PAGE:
“Definitely, the New Unity is in the best position to form a new government. One with the National Alliance and the United List. The second most likely option is that these parties will try to attract the Progressives to the new coalition,” Maris Andzans, director of the Riga-based Centre for Geopolitical Studies, told bne IntelliNews on the morning of October 3.
After the parliamentary elections in 2018, New Unity was the smallest party in Saeima with just 8 seats and less than 7% of the popular vote. It has been gradually gaining public support throughout the coronavirus (COVID-19) pandemic, and especially after Russia’s invasion of Ukraine. Now it has tripled its number of seats and Kariņs, who become the first Latvian PM to finish a full four-year term, looks on course for another.
Despite having the second-largest amount of mandates in the election, the Union of Greens and Farmers, the ZZS, will be left out from the new cabinet, Andzans says.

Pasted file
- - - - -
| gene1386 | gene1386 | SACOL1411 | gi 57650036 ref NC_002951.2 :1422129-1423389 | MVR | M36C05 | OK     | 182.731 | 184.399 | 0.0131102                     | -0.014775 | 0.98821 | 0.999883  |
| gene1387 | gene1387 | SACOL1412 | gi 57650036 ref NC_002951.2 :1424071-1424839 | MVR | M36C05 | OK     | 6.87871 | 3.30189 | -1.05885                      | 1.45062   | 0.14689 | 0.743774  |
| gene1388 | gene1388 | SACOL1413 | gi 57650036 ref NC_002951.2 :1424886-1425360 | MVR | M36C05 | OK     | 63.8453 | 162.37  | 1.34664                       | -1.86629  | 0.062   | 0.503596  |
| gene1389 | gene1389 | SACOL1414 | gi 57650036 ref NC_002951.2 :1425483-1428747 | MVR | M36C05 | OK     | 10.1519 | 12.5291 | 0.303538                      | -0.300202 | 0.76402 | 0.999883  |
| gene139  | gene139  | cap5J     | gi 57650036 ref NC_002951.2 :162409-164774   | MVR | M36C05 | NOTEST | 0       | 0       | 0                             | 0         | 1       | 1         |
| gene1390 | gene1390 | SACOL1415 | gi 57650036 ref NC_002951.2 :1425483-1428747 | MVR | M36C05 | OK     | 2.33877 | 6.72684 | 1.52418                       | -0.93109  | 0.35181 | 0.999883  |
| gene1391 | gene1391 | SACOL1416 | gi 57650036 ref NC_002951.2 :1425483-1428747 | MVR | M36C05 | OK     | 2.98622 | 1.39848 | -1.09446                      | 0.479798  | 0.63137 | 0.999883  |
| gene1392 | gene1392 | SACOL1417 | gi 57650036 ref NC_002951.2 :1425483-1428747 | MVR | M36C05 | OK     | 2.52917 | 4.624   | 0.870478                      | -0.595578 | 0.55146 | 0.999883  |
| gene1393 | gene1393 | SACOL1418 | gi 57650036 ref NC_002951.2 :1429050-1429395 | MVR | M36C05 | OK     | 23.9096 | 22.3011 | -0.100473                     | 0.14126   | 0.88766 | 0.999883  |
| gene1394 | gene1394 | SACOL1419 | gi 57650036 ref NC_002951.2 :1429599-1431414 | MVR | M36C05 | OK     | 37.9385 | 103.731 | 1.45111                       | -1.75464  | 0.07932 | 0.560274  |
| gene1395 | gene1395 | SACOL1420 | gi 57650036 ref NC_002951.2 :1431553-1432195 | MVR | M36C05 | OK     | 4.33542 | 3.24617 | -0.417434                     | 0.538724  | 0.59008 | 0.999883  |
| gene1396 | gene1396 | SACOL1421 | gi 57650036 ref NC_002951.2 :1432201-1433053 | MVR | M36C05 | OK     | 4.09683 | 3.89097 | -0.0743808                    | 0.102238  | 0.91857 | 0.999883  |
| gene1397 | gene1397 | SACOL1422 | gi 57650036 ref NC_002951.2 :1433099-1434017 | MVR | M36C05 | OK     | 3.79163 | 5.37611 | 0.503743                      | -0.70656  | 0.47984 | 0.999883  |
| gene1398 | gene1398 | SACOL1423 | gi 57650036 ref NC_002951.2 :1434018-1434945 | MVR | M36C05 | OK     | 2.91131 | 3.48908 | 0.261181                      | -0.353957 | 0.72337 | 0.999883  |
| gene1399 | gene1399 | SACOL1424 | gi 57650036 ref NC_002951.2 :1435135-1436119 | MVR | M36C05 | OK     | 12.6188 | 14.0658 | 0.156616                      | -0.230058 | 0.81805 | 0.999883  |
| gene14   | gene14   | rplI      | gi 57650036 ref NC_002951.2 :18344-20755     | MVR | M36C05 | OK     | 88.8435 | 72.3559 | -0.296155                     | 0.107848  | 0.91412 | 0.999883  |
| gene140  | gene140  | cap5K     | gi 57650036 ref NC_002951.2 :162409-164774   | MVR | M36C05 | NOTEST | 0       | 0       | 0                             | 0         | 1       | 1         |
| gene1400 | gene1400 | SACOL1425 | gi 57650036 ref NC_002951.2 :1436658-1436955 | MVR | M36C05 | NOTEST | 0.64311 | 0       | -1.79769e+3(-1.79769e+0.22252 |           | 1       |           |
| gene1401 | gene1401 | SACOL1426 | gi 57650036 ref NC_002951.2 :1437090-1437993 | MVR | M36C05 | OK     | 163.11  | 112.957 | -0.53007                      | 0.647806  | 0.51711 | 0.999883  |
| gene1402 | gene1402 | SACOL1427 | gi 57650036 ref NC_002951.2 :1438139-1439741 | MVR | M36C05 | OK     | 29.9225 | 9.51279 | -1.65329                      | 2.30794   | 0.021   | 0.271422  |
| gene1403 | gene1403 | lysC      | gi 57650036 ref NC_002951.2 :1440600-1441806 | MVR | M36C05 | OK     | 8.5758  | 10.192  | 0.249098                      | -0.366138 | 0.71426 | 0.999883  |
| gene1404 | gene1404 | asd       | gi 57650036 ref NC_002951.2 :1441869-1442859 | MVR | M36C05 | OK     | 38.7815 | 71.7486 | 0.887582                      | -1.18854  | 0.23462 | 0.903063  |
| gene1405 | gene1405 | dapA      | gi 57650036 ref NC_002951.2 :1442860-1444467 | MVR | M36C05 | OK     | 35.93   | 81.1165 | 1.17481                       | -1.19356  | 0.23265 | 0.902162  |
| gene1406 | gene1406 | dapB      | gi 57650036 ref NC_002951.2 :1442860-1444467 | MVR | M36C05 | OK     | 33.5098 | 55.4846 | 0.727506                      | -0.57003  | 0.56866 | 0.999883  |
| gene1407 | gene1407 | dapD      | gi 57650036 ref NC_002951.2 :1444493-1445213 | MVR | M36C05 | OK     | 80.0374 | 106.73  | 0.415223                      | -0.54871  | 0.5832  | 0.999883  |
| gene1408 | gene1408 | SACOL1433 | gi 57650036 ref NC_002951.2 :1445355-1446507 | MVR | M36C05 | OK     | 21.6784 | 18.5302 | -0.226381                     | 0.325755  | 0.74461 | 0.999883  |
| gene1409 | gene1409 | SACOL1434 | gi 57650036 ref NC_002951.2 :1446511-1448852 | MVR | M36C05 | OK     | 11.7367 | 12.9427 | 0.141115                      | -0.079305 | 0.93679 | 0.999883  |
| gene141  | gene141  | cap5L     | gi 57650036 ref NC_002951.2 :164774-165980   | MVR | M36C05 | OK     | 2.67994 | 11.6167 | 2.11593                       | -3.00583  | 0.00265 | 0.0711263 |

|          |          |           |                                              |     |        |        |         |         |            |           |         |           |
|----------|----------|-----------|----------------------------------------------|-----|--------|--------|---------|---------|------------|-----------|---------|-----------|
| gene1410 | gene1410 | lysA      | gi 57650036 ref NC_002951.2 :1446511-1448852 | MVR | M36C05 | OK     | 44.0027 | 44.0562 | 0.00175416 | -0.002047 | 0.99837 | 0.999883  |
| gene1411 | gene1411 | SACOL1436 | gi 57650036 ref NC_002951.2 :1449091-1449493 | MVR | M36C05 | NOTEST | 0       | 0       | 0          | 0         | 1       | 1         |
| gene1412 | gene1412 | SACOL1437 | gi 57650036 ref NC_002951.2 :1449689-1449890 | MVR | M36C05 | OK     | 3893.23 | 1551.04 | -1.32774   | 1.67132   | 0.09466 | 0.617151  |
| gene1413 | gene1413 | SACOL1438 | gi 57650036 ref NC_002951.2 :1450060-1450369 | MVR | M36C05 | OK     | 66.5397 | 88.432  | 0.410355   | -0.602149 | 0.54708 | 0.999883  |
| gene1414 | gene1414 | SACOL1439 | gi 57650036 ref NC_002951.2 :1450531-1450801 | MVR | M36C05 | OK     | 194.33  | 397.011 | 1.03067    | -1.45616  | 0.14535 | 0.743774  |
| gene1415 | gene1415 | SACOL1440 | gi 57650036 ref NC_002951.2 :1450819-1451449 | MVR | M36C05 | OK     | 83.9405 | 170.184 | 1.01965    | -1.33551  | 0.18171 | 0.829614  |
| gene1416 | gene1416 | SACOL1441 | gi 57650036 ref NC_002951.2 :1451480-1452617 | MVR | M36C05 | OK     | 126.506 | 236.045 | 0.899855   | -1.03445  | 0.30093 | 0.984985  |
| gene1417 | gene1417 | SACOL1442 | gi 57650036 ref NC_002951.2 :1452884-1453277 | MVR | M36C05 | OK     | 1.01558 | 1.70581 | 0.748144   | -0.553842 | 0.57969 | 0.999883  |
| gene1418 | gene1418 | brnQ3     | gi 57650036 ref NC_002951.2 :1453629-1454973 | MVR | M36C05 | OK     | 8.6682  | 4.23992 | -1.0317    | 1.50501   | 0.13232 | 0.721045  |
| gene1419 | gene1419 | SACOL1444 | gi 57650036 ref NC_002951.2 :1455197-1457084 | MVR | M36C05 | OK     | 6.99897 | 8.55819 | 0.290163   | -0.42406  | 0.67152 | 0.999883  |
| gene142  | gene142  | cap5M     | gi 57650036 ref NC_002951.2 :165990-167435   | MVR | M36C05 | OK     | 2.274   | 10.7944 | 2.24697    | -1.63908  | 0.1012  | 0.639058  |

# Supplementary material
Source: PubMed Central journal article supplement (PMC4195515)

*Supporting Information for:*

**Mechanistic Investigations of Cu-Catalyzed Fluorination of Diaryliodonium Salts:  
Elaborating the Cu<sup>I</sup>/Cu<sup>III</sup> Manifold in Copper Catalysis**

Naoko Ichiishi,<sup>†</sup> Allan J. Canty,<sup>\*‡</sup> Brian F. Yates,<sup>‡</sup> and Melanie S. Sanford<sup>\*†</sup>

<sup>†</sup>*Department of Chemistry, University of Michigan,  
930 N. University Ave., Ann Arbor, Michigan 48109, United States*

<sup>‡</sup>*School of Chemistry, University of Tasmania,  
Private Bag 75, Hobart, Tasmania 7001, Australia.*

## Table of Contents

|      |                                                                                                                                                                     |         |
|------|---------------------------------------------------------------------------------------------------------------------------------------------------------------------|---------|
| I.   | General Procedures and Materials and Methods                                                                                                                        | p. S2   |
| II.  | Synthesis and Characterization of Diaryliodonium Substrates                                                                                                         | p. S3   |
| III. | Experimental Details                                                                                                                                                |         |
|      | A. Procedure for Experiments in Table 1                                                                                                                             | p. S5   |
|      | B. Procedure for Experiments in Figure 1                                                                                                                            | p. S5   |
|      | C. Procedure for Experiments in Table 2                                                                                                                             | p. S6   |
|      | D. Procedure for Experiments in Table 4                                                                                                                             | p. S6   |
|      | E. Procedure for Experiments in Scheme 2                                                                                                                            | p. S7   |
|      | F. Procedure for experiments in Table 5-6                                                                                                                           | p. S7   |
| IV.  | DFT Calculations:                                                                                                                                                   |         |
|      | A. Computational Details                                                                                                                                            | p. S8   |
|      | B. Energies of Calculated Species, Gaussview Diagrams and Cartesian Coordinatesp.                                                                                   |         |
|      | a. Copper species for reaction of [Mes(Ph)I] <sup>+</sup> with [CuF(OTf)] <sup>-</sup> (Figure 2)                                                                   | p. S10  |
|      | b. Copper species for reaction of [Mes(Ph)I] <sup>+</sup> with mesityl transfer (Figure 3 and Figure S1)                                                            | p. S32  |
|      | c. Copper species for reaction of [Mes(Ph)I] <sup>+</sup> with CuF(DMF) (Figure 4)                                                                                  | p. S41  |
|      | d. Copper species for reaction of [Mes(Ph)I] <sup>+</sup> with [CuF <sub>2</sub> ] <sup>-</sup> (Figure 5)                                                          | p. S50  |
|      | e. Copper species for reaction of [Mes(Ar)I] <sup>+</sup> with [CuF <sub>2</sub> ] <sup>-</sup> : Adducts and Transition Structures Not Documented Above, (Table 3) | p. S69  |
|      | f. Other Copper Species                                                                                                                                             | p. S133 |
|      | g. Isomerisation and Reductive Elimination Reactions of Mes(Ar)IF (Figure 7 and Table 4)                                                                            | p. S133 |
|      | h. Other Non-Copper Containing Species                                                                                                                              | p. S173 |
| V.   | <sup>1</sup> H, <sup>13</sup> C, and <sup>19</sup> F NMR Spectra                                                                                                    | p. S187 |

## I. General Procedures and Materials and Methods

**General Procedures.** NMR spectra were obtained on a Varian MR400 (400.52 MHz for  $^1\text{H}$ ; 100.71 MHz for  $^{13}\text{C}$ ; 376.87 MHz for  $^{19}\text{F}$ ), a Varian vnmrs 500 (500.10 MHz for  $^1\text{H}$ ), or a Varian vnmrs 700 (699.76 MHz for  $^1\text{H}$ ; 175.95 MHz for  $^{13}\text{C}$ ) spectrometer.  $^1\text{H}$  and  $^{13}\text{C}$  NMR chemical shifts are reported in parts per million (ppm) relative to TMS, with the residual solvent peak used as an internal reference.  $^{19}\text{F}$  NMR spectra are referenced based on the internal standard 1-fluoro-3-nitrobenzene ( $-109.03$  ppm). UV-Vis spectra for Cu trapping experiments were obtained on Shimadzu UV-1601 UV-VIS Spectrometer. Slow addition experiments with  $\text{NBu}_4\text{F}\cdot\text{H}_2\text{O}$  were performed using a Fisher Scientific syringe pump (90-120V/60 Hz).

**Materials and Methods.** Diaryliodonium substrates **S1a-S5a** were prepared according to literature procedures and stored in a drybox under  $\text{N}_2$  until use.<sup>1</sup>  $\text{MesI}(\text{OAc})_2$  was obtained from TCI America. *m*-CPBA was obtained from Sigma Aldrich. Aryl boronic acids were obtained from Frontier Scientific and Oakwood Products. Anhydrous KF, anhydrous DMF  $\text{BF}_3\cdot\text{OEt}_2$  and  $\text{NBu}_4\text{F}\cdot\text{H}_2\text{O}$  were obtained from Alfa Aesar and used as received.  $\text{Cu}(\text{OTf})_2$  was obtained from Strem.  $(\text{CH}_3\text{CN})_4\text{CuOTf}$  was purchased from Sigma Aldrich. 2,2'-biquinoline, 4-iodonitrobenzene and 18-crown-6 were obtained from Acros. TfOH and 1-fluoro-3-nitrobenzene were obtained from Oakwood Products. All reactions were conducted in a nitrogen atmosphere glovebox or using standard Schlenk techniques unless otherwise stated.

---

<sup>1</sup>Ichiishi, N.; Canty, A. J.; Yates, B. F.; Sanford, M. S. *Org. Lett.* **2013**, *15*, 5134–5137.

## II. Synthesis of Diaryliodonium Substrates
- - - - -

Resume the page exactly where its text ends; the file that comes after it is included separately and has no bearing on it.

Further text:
The party has designated Aivars Lembergs as its prime ministerial candidate, the former Ventspils mayor who was sent to prison for five years for corruption and is considered a national security threat and sanctioned by the United States. The election shows Lembergs retains the affection of a considerable swathe of the population.
“Because of him, they are rejected and isolated by the other top parties,” Andzans emphasised to bne IntelliNews.
Apvienotais Saraksts, (United List), the third-largest grouping, has mixed up very familiar old faces from the non-Lembergite wing of the ZZS and the Regional Alliance.